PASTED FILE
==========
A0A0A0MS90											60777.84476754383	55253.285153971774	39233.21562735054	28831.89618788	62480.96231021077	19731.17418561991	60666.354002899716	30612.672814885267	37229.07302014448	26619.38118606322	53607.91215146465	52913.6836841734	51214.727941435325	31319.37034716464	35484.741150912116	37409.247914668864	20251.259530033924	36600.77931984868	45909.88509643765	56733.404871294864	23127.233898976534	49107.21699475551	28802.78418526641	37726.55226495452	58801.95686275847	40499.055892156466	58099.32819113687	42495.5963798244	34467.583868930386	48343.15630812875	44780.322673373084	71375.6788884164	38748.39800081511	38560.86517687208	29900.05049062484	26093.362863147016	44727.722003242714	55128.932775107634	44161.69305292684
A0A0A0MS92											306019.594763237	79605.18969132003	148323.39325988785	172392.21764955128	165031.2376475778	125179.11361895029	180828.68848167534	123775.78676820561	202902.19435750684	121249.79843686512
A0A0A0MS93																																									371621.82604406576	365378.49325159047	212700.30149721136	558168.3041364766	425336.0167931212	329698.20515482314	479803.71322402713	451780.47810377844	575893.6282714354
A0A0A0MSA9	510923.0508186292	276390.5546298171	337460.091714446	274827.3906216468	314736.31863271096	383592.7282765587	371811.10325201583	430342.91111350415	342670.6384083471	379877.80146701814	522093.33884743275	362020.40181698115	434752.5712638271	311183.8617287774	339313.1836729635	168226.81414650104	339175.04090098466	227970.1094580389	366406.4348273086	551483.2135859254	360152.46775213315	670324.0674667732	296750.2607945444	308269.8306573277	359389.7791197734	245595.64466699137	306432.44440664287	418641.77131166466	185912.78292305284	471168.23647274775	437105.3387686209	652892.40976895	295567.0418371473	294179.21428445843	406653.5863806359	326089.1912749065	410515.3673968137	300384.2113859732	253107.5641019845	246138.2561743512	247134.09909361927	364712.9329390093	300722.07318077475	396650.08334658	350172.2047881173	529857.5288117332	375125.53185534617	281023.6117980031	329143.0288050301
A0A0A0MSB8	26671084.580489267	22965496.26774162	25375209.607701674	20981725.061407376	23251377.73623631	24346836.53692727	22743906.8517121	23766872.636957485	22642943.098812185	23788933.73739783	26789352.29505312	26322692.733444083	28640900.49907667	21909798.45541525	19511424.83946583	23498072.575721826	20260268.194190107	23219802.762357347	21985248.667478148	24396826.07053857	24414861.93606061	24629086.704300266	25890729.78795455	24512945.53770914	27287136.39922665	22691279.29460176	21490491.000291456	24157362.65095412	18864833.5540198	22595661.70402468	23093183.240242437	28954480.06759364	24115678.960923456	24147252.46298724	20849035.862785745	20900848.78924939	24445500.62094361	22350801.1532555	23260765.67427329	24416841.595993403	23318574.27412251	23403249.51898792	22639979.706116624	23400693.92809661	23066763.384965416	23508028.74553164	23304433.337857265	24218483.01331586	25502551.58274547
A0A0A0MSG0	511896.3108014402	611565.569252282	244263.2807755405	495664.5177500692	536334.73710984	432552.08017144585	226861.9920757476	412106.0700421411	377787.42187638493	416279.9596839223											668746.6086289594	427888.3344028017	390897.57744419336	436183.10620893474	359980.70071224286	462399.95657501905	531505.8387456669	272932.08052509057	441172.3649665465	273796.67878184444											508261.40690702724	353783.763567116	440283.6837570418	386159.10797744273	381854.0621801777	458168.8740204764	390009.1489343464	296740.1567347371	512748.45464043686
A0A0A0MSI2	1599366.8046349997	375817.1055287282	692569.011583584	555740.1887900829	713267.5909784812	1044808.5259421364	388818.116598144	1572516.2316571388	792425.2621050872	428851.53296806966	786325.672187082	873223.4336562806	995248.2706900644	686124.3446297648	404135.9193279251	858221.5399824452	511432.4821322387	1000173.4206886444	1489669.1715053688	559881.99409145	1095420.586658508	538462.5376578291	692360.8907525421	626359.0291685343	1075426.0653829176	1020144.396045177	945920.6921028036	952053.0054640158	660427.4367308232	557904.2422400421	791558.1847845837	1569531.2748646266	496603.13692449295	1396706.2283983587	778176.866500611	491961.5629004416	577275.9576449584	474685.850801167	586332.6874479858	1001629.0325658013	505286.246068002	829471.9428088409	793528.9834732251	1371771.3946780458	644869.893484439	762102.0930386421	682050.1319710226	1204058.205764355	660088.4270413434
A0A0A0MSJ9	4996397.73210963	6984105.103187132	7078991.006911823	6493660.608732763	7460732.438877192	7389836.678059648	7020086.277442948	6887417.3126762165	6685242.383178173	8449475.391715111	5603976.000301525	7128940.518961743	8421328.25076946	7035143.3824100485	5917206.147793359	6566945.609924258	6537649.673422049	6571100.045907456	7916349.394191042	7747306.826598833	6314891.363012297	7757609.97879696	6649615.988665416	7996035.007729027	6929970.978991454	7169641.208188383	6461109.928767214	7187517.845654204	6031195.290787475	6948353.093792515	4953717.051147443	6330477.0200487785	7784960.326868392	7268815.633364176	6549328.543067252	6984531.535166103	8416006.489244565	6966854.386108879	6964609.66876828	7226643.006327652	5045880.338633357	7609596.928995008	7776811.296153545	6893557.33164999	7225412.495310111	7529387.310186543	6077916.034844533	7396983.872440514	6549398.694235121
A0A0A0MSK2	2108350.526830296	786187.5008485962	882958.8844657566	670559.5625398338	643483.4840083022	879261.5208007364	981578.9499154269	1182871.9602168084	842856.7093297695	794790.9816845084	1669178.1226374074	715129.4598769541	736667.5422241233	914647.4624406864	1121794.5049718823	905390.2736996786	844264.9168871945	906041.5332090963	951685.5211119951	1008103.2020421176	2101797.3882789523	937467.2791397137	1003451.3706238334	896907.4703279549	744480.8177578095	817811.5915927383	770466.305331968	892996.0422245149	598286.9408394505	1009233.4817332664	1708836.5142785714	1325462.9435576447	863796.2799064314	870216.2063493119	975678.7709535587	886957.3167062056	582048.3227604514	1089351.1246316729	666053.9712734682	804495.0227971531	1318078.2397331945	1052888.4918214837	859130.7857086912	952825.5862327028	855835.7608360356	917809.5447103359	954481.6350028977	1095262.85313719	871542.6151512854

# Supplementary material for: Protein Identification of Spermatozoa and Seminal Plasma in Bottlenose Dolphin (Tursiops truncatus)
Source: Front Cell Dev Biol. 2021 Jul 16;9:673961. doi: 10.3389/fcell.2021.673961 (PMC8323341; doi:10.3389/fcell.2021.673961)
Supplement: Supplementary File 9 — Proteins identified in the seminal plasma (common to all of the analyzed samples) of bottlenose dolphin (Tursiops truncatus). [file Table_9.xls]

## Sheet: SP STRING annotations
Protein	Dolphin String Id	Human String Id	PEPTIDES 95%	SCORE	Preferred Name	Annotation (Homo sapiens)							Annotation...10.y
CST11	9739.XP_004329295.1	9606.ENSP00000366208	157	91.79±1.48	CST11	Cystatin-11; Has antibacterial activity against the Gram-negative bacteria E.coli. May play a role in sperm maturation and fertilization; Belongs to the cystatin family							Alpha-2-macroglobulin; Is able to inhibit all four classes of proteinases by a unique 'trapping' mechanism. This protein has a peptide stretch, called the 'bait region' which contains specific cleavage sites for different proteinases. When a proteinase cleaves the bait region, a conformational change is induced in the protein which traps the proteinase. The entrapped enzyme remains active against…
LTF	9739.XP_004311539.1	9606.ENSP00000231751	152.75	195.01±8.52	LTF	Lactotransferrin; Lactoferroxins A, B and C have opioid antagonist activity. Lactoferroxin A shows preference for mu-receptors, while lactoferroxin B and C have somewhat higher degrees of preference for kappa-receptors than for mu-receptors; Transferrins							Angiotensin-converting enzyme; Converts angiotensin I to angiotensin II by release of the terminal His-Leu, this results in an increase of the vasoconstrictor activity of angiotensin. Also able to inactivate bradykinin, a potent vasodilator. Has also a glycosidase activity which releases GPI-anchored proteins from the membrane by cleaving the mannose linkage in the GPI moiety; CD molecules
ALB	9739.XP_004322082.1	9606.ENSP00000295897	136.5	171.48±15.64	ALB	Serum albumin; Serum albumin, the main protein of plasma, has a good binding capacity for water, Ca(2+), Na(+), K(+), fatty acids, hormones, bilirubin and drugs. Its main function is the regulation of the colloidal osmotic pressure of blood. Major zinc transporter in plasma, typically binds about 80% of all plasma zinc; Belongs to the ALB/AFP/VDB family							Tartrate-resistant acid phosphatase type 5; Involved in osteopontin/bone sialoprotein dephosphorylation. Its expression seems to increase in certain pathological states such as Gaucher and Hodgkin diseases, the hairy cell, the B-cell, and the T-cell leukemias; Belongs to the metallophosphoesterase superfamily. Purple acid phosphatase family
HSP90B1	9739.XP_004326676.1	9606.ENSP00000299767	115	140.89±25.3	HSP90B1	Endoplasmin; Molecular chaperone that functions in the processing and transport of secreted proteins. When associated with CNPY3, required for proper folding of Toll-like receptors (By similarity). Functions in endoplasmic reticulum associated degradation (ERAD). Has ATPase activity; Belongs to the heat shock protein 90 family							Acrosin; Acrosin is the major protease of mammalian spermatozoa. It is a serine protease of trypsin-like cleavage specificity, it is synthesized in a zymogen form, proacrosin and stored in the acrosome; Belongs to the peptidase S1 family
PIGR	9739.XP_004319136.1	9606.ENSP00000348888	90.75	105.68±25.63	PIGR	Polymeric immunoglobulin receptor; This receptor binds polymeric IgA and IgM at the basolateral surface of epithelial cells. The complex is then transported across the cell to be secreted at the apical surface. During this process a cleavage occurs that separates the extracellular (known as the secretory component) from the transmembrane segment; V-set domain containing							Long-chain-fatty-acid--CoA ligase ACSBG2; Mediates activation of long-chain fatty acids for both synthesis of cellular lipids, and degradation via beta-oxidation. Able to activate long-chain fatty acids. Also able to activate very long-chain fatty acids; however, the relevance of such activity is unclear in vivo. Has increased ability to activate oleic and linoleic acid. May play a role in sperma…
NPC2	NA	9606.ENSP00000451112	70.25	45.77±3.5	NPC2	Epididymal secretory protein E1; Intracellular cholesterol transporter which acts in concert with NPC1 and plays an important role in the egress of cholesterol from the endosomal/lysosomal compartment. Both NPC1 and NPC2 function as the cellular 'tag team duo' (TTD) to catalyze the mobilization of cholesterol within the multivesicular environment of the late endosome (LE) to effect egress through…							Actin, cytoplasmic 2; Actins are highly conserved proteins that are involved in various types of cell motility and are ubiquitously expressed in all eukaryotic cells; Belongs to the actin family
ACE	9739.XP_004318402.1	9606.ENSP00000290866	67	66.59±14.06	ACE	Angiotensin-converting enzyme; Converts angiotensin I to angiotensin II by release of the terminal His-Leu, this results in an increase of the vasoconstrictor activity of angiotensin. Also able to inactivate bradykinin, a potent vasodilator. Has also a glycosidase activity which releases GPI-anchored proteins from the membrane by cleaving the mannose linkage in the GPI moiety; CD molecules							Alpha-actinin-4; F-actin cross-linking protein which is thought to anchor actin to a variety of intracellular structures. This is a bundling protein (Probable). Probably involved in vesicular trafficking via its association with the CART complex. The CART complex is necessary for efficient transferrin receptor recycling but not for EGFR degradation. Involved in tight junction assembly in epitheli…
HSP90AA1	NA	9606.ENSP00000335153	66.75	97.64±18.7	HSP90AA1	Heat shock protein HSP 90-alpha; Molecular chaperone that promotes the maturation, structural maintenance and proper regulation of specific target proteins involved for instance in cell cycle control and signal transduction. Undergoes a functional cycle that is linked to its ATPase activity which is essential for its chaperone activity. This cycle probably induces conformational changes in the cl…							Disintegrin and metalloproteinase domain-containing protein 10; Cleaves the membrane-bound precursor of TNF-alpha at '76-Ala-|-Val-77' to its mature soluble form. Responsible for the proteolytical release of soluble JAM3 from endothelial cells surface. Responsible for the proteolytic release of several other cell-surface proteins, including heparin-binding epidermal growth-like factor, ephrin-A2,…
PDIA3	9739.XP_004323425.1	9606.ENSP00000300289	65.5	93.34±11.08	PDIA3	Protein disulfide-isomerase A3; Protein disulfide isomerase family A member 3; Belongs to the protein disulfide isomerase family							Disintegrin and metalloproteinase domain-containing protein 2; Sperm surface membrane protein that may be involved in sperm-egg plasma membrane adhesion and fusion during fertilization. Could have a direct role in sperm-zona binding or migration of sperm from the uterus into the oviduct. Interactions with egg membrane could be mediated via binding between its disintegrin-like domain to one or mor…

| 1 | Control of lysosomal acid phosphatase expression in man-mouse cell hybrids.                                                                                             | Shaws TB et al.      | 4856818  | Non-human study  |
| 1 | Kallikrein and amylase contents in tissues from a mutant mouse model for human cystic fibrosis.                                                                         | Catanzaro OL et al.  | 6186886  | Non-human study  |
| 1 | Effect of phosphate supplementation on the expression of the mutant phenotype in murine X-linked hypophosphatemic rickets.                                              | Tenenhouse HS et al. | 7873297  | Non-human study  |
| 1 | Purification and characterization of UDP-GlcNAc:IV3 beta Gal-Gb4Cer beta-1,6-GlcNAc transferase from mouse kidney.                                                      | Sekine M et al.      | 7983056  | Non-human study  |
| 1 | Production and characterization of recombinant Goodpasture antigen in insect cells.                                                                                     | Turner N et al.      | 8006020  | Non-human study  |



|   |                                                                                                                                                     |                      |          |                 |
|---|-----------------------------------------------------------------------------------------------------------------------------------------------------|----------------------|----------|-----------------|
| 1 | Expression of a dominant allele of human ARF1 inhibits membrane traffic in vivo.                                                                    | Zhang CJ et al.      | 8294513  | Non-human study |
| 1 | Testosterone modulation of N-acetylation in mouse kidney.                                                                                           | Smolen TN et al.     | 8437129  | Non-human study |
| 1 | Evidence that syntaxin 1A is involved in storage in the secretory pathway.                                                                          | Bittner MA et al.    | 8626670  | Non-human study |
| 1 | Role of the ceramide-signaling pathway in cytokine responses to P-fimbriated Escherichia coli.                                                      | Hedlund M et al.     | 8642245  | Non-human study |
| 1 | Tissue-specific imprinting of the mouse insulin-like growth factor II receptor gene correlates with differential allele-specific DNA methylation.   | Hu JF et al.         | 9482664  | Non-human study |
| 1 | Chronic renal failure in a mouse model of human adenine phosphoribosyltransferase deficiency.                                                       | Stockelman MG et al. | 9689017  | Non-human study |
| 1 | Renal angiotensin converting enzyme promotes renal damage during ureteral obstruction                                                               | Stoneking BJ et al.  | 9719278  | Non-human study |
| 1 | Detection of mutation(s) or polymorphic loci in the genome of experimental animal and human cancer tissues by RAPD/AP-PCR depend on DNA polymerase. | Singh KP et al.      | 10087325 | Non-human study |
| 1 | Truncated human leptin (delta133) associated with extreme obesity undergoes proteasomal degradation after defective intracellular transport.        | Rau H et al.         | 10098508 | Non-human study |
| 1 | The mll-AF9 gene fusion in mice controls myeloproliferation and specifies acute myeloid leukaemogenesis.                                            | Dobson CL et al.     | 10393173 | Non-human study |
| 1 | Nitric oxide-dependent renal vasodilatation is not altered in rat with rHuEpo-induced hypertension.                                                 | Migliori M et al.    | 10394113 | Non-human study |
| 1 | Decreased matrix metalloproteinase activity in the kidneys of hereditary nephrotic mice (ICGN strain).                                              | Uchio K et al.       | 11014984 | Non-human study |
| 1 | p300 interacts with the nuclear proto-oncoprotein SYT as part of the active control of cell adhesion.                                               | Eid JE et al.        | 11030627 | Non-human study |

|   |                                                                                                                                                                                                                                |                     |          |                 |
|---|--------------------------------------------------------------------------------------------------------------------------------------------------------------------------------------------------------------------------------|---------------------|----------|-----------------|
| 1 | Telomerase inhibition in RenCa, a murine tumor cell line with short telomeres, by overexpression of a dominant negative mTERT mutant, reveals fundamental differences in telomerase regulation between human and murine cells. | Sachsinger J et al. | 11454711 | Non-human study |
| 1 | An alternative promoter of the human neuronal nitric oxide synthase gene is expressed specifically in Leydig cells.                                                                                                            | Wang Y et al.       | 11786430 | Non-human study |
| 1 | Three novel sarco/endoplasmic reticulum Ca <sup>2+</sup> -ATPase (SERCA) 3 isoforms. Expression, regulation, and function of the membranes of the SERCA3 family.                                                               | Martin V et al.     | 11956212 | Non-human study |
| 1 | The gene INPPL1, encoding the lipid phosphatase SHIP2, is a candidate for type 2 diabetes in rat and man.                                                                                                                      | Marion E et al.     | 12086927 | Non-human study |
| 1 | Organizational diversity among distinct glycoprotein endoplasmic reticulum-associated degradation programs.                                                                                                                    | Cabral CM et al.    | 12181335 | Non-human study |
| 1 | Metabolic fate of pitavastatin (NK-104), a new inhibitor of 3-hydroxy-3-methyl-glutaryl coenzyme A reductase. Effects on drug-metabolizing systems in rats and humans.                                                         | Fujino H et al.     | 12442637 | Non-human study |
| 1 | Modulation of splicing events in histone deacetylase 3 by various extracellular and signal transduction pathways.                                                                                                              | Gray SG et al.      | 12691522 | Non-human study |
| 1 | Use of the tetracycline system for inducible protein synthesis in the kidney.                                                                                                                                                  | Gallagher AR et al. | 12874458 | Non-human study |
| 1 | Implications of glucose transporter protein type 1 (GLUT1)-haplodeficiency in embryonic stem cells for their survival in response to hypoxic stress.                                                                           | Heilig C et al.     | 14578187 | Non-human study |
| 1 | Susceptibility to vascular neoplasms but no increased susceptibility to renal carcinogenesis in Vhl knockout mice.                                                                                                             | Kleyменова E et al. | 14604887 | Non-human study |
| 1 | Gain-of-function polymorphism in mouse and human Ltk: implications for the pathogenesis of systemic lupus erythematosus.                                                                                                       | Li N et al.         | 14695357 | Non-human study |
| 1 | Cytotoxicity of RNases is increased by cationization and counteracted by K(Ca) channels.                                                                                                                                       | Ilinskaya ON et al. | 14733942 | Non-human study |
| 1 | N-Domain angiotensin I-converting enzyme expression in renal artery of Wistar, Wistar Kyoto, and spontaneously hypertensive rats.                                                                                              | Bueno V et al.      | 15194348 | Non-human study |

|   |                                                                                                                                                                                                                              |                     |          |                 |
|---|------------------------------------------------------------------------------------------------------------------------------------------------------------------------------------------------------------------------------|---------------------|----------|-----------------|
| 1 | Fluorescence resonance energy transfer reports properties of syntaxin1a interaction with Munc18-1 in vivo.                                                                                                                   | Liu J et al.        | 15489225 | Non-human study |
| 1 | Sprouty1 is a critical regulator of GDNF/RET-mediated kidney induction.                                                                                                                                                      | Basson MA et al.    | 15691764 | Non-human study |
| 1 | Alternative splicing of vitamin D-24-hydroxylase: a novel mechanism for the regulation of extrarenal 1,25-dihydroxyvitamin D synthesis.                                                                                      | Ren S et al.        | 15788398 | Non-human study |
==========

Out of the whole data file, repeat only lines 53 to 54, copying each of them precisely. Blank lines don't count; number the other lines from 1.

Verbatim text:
| 1 | Use of the tetracycline system for inducible protein synthesis in the kidney.                                                                                                                                                  | Gallagher AR et al. | 12874458 | Non-human study |
| 1 | Implications of glucose transporter protein type 1 (GLUT1)-haplodeficiency in embryonic stem cells for their survival in response to hypoxic stress.                                                                           | Heilig C et al.     | 14578187 | Non-human study |